A slightly different configuration has the UM application using MSCML to specify the URI of a VoiceXML script, which will lead the subscriber through a series of options. CCXML can be embedded in the VoiceXML script to implement a call-control function such as dialing the subscriber to notify her of the new fax message. And MRCP can be used in a VoiceXML script to utilize a TTS or ASR resource (text-to-speech/automatic speech recognition). The network diagram that supports this scenario is shown above.

Protocol Wars

Back in the mid-1990s there were two competing and incompatible open-architecture PCM highways: MVIP, sponsored by NMS Communications, and SCSA, sponsored by Dialogic (News - Alert) (now part of Eicon Networks). These two PCM highways performed the same function of PCM interconnect, but with few technical differences. Although two competing de facto standards were better than none, two were worse than one. Finally, after five years of the so-called bus wars, a new industry group, the ECTF, published its H.100 PCM-highway specification, creating a permanent cease fire.

Now, we have a similar situation in AS-MS protocols.

In February 2003, Snowshore Networks, now part of Cantata, published MSCML. In June of the same year, Convedia published MSML/MOML. Both of these XML-based AS-MS protocols were meant to pick up where NETANN and VoiceXML left off to offer more comprehensive conferencing support. In the same year Commetrex extended each protocol to support fax media servers. Today, application and media-server vendors are under pressure to support both. Although the primary vendors will argue the merits of one over the other, many observers point out that the advantages of one over the other do not overcome the disadvantages of having two competing protocols.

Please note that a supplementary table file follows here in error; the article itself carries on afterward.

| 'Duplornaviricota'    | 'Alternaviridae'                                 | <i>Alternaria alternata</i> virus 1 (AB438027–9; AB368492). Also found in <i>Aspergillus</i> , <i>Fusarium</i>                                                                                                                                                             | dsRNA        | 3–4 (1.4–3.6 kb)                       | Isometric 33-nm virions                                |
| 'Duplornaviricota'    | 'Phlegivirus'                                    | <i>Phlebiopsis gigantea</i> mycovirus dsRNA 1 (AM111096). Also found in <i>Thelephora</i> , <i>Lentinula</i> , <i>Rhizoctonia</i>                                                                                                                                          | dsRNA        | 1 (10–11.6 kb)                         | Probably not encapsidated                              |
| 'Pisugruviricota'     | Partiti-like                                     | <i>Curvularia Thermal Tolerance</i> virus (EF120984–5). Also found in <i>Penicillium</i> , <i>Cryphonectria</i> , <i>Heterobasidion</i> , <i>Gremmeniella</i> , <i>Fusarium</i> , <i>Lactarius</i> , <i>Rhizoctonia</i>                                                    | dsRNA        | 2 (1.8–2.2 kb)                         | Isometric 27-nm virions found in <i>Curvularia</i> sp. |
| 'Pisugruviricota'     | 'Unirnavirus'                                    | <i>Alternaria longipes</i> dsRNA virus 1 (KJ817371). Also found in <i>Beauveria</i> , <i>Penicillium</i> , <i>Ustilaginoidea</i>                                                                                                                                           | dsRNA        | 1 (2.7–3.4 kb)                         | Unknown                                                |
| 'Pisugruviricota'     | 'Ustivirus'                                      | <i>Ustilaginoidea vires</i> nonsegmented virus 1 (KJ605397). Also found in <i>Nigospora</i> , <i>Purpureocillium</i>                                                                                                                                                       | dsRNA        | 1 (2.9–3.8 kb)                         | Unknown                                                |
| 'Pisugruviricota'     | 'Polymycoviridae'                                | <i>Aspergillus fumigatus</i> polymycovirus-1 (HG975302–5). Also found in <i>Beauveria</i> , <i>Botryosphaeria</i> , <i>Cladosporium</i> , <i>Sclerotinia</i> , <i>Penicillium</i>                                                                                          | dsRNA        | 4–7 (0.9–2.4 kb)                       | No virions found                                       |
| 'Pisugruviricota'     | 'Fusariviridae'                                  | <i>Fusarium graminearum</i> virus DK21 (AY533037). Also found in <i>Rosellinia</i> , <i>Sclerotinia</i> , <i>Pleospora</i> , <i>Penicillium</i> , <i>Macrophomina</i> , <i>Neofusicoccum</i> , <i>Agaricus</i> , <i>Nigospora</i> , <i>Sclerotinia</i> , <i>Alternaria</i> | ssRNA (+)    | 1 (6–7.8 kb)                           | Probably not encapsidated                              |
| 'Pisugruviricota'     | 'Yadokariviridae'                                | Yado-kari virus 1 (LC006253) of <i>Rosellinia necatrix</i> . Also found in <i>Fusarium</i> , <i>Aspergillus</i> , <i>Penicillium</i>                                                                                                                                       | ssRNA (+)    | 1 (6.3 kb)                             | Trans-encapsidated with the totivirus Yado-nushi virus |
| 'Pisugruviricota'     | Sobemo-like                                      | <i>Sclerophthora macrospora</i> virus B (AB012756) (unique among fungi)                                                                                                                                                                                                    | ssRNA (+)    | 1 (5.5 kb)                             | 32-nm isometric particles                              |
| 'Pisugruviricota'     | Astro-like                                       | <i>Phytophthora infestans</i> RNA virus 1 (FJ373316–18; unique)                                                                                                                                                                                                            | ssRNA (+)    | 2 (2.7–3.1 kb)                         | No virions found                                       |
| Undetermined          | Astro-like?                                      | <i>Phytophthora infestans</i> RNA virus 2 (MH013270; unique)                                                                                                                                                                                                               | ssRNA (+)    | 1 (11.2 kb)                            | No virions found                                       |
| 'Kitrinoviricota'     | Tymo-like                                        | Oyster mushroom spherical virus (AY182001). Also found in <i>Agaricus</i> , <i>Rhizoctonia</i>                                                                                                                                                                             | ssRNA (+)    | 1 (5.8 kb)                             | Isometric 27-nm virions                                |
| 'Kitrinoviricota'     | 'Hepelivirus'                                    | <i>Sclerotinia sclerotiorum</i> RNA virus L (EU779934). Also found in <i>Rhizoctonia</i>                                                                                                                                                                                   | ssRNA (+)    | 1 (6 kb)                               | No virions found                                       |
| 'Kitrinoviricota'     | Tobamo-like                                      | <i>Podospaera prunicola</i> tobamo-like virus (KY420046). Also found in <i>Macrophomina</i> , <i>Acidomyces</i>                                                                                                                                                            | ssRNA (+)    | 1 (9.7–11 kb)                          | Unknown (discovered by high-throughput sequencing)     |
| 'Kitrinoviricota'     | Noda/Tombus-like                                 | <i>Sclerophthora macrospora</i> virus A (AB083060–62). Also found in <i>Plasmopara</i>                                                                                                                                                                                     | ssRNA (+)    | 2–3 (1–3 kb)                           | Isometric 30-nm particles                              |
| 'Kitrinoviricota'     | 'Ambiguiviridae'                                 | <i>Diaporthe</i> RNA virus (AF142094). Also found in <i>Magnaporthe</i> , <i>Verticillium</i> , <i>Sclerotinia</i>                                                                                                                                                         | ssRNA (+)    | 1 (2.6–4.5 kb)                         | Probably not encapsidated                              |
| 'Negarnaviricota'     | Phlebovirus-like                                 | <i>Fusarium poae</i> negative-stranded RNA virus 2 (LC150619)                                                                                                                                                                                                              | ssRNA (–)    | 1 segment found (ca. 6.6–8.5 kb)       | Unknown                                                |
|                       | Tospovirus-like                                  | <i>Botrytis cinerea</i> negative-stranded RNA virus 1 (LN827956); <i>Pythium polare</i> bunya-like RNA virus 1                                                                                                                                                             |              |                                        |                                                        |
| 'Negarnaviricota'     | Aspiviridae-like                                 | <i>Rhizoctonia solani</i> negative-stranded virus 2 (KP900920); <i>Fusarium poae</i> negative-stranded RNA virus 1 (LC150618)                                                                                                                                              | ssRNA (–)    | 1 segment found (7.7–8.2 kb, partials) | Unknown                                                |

An informal industry group, the Network Working Group, also known as Media Server Control (MEDIACTL) which includes Ubiquity Software (News - Alert), BlankSpace, Hewlett-Packard, and Radvision, can play the same role today as the ECTF played in the mid-’90s. (see www1.ietf.org/mail-archive/web/xcon/current/msg01799.html) To date, the group has developed three draft documents:

• The Control Framework uses SIP to establish a control session between an application server and media server. The framework does not address the specifics of media control, which is the subject of various control packages. (see www.ietf.org/internet-drafts/draft-boulton-sip-control-framework-04.txt )

• The IVR Package supports voice-response functionality using the Control Framework. (see www.ietf.org/internet-drafts/draft-boulton-ivr-control-package-02.txt)

• The VoiceXML Package supports scripted voice within the Control Framework. (see www.ietf.org/internet-drafts/draft-boulton-ivr-control-package-02.txt)

• A Fax Package will be added in 4Q2006.

One possible outcome of MediaCtl, which has been an informal group for two years, is to “embrace and extend” the best of MSCML and MSML/MOML, thereby ending the AS-MS protocol wars. In October of 2006 the group became an IETF “BOF” (Birds Of a Feather), which is one step before becoming a full IETF “Working Group”.

Looking Ahead

The media server and its supporting protocols and standards open the door to the separation between more than the application and media server. They allow the separation between the development and deployment of network-based services and the underlying network. But just because the separation is supported, it will not necessarily happen. That will be up to the legislative, judicial, and regulatory bodies in each national administration.

True separation will mean layers of competition that will more-effectively marshal the industry’s resources. This will drive down costs, lowering the investment hurdles for a rich range of unanticipated services accessed from the entire array of networks and network-access devices.

Tom Ray is the Executive Vice President of Sales and Marketing at Commetrex Corporation (www.commetrex.com). He is the former Senior Vice President, Sales and Business Development, for Vocalocity.